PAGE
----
General News Sat, 27 Oct 2018
Chief Executive Officer of the Chamber of Bulk Oil Distributors, Senyo Hosi has detailed reasons Africa has been unable to achieve its vision of “rising” like other continents.He said, African countries are rising at a snail pace as a result of lack of industrialization which has increased the rate of unemployment on the continent.
Speaking on the topic, “Africa Rising - Lacing Politics, Industry and True Partnership for Sustainable Development” at the 2018 African Development & Investment Convention (ADIC) summit at Zurich in Switzerland, Mr. Hosi said, Africa is endowed with many natural resources yet has failed to compete with countries on other continents due to lack of innovation.
He explains, though Africans are intelligent when it comes to theory, they fail at applying the theoretical knowledge which is critical to industrialization and the development of the continent.
“We have arable land but Africa is still feeling insecure. To change this narrative, Africa must practically industrialize. We have about eleven countries underperforming as far as employment is concern. This brings me to one conclusion that Africa is rising but not with its people,” Mr. Hosi stressed.
He maintains, Africa needs to develop its human resource for the effective exploitation of the many natural resources so as to drive sustainable development because, “Africa cannot rise without its people, else its rise will be unsustainable and a rise in absentia”.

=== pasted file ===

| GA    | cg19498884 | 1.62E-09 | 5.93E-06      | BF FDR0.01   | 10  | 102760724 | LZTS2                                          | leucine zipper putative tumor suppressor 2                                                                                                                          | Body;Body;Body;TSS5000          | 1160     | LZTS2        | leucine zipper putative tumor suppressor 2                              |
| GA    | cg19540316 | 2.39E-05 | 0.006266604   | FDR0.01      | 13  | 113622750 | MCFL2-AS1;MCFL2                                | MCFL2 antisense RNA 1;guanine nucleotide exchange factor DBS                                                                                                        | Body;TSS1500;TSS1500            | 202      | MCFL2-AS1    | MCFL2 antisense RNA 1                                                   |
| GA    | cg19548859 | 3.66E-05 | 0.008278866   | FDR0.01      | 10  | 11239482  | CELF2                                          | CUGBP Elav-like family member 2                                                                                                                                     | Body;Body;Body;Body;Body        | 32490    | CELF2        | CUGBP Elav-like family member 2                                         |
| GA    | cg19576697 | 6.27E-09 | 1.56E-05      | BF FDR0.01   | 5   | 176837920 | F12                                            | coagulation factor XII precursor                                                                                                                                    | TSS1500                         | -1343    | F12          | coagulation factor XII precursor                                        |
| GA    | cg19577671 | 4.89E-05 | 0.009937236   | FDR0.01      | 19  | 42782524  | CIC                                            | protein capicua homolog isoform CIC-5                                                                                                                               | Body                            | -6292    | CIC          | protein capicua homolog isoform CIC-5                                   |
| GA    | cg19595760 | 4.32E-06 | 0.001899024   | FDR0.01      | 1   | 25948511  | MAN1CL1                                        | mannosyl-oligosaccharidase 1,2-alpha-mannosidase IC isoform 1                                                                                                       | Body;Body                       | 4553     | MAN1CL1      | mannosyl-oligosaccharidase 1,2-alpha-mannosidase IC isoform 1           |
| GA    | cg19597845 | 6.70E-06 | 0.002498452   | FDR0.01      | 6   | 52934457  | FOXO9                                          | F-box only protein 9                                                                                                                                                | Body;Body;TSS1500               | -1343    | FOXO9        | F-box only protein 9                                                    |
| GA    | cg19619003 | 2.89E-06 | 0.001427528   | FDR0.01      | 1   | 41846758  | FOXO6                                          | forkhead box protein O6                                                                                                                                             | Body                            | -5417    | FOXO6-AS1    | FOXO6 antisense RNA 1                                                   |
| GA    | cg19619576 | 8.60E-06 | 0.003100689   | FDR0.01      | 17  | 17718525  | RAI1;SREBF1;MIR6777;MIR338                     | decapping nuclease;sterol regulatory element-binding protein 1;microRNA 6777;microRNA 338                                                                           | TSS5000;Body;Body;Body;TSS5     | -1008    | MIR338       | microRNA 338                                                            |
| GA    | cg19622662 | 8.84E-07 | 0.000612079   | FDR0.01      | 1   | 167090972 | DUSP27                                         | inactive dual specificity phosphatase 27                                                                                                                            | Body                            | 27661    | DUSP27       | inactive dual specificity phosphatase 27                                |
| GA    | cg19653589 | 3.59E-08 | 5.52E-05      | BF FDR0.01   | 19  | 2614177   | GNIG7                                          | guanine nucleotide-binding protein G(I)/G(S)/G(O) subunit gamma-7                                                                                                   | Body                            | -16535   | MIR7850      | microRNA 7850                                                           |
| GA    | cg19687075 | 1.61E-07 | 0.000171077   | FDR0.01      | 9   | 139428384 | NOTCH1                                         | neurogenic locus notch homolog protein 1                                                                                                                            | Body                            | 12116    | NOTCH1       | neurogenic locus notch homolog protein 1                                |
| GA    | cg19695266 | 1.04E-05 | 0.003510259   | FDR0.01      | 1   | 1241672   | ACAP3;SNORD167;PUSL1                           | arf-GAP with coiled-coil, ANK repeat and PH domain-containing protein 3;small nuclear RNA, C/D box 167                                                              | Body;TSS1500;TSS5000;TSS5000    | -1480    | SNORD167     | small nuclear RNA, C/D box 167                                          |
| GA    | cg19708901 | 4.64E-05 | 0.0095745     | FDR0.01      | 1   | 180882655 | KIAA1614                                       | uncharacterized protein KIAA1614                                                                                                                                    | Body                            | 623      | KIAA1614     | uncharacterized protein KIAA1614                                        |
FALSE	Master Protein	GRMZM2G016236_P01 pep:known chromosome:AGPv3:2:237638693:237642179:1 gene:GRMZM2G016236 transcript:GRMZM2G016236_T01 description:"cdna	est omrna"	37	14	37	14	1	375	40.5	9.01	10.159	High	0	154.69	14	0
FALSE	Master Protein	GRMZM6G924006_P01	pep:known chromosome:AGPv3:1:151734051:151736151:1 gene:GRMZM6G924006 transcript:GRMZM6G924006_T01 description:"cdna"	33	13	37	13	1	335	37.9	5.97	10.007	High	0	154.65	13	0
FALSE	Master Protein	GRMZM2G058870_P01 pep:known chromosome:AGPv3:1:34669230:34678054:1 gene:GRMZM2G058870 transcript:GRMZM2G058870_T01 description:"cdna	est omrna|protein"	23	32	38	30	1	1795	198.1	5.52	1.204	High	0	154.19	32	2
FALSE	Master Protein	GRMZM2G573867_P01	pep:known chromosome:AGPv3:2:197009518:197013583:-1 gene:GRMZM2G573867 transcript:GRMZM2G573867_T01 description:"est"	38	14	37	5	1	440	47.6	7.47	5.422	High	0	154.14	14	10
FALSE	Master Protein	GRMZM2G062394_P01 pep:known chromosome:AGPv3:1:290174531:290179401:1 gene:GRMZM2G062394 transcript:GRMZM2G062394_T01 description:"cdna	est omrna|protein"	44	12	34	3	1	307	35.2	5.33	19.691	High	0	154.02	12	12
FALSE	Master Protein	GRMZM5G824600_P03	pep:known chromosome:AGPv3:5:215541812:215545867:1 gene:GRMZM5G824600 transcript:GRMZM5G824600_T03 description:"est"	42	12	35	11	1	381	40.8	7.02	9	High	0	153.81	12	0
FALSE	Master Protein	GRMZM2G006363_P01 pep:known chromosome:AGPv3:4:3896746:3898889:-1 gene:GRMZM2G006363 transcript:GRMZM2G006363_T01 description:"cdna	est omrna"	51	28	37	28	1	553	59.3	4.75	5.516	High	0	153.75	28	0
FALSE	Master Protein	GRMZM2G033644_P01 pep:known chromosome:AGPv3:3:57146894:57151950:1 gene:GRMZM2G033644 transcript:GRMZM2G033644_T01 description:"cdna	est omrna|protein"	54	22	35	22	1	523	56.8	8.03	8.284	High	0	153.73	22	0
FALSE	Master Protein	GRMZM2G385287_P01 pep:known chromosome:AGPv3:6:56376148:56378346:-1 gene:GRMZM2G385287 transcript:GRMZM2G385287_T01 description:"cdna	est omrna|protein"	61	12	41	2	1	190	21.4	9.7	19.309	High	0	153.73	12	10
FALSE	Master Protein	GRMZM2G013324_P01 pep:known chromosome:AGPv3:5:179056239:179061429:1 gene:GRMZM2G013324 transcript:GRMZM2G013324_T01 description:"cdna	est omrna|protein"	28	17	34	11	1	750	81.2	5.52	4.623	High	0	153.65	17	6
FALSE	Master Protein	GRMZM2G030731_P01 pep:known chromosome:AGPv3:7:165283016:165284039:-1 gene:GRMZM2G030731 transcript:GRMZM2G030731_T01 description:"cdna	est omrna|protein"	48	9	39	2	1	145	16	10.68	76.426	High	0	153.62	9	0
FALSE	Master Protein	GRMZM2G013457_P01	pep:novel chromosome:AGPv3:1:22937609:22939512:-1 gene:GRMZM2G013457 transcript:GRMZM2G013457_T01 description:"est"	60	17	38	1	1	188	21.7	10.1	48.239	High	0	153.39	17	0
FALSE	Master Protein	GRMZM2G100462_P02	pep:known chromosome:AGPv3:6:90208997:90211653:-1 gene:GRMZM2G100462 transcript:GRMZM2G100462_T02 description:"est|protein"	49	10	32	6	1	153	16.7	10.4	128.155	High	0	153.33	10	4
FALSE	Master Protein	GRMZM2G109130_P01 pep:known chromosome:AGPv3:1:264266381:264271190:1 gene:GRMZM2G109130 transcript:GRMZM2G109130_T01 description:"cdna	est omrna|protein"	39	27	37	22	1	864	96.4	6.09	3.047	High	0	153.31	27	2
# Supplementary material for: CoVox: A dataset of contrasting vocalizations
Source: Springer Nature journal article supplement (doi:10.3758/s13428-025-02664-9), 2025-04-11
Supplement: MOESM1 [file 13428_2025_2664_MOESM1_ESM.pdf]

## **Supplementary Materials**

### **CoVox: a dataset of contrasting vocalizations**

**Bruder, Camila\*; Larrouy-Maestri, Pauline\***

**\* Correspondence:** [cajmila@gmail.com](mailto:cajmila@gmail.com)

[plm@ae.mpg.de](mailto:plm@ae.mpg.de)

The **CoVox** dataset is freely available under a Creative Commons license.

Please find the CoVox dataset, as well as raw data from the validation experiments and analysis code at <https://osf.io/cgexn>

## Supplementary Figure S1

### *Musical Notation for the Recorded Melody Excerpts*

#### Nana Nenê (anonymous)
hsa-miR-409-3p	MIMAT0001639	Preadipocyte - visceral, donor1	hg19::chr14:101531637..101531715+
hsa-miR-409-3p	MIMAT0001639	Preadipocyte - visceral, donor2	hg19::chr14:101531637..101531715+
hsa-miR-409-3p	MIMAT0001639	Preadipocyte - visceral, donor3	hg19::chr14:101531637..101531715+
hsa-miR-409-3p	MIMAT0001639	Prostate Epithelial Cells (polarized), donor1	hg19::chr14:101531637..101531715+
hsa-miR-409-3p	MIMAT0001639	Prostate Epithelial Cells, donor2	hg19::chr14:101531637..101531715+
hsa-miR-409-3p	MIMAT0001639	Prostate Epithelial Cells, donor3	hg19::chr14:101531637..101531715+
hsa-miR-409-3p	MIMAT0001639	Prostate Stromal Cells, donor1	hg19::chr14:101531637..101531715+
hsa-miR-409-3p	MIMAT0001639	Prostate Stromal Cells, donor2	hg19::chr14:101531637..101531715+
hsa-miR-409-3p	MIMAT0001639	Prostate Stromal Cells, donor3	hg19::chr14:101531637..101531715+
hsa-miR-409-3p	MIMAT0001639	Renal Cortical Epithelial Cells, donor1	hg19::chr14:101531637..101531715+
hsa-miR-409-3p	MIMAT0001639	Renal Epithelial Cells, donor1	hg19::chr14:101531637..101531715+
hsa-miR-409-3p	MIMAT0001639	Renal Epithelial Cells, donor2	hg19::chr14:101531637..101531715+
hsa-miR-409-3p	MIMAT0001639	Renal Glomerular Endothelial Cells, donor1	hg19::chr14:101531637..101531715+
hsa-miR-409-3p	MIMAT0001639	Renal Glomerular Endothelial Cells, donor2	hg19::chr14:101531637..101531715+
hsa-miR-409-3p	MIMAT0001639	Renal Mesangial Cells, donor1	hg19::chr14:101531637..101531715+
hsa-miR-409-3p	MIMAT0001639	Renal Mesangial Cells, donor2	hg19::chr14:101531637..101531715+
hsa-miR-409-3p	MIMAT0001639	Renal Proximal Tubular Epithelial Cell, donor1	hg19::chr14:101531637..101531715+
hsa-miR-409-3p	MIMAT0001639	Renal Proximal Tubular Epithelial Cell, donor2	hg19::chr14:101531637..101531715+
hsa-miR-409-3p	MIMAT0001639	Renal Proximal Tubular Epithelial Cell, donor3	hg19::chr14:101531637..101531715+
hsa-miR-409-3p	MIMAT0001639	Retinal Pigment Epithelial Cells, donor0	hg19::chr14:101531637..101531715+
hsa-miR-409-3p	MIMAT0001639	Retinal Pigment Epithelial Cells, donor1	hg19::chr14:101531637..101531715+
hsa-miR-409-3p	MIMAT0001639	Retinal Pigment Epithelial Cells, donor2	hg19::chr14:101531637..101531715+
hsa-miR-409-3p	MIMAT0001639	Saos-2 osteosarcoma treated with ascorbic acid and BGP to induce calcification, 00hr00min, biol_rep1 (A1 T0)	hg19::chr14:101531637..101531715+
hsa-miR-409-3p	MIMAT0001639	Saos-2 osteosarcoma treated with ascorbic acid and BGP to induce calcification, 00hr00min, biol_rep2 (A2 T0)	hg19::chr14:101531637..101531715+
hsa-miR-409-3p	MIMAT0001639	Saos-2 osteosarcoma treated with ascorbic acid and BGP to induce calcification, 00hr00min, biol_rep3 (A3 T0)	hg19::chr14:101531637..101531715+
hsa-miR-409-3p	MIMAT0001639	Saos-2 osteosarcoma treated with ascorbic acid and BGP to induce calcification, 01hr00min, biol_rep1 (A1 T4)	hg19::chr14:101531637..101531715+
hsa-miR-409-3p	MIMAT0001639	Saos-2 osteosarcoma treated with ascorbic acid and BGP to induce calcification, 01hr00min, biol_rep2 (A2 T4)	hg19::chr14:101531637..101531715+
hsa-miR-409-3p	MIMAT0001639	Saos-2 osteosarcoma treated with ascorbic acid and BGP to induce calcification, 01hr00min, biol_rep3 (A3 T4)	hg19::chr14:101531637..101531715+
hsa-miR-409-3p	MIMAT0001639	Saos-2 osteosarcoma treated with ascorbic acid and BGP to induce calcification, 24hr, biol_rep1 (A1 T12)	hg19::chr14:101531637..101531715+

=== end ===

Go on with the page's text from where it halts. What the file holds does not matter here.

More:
The African youth, according to Senyo Hosi, are gradually becoming unproductive despite the availability of these natural resources owing to the excessive exposure to the internet and social media.
He said, “We have 12 million of our youth joining the workforce each year. The maintenance of the status quo is a catastrophe in waiting. Social media and the internet have exposed our youth to the definition of a better world and a better lifestyle…They sit in the midst of so much resources and yet still they cannot realized their own aspirations. It is quite a weird situation.”
He also highlighted the primitive models being used by Africa economies as one of the reasons the continent is not rising as this model does not drive transformation.
Mr. Hosi strongly believes it is time Africa “thinks outside the box”, change this “narrative” and turn it fortunes around through agriculture and industrialization.
“It must optimize the value of its natural resources and agrarian output. It must structurally transform its economies from what I’ll call a primitive model to one which is secondary and tertiary production model. We must think a bit more outside the box,” he reiterates.
Countries on the continent have also been urged by the CBOD boss to cut down on import and be producers of the products they use adding “Africa can’t continue to import crude and petroleum products”.
He used the situation at Nigeria as one of the major problems Africa must address.
“Nigeria is just such a sad situation. I’ll really struggle carrying myself as a Nigerian economist, a Nigerian politician with the situation we have in Nigeria. It’s sad. How can you spend so much exploiting so much crude then exporting like doughnut? There’s something wrong somewhere,” he observed.
He bemoaned the export of expensive natural resources and import of petty items that can be made on the continent by adding value to these resources and making larger profit out of them.
“We cannot continue to export copper and import electrical cables. We cannot continue exporting coffee and import starbucks, we can’t continue exporting cocoa and importing chocolate. We should be thinking and knowing that we should be better than that,” Senyo Hosi cautioned.